Inside the Dark-Money Group Fighting Reform in Montana and Beyond
Voters haven’t had a clue who is behind American Tradition Partnership—the Colorado-based group pushing to rewrite Montana’s campaign finance laws—and that’s just the way the secretive nonprofit wants it.
A 2010 fundraising pitch to its donors promised that “no politician, no bureaucrat, and no radical environmentalist will ever know you helped,” and “the only thing we plan on reporting is our success to contributors like you.”
“Montana has very strict limits on contributions to candidates,” reads the document, obtained by the Center for Public Integrity. “…but there is no limit to how much you can give to this program.”
As for the state’s ban on corporate money in elections? “Corporate contributions are completely legal,” the pitch assures potential funders. “This is one of the rare programs you will find where that’s the case.”
“You can get some traction with that pitch,” says Dennis Unsworth, who led the state’s investigation of the group in 2010 which unearthed the document. “If you can offer to influence the elections outside the law, that’s a great calling card.”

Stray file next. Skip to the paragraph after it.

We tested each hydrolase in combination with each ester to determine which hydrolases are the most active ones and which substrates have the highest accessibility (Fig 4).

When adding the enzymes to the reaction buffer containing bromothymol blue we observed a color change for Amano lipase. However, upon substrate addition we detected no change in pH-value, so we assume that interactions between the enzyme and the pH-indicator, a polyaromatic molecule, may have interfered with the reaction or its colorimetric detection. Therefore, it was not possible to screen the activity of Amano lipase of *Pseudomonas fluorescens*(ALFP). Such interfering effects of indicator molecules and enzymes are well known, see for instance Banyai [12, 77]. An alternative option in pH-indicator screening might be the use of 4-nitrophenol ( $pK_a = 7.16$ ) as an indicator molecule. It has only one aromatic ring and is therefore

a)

For three election cycles, ATP has plastered the state with mailers attacking “radical environmental groups” and moderate Republicans.
While ATP’s funders are still mostly a mystery, the Center for Public Integrity has identified the secretive organization’s founding donor—an antiunion owner of Colorado’s largest furniture chain—and discovered a long list of affiliations with national tea party groups funded by the conservative billionaire Koch brothers.
This election, ATP has vowed to keep Attorney General Steve Bullock out of the governor’s mansion. In October, voters received a brazen multi-page newspaper-style ad placing the Democratic candidate in a photo lineup with three registered sex offenders.
But the group hit the national spotlight thanks to three landmark court battles with Bullock and the state of Montana.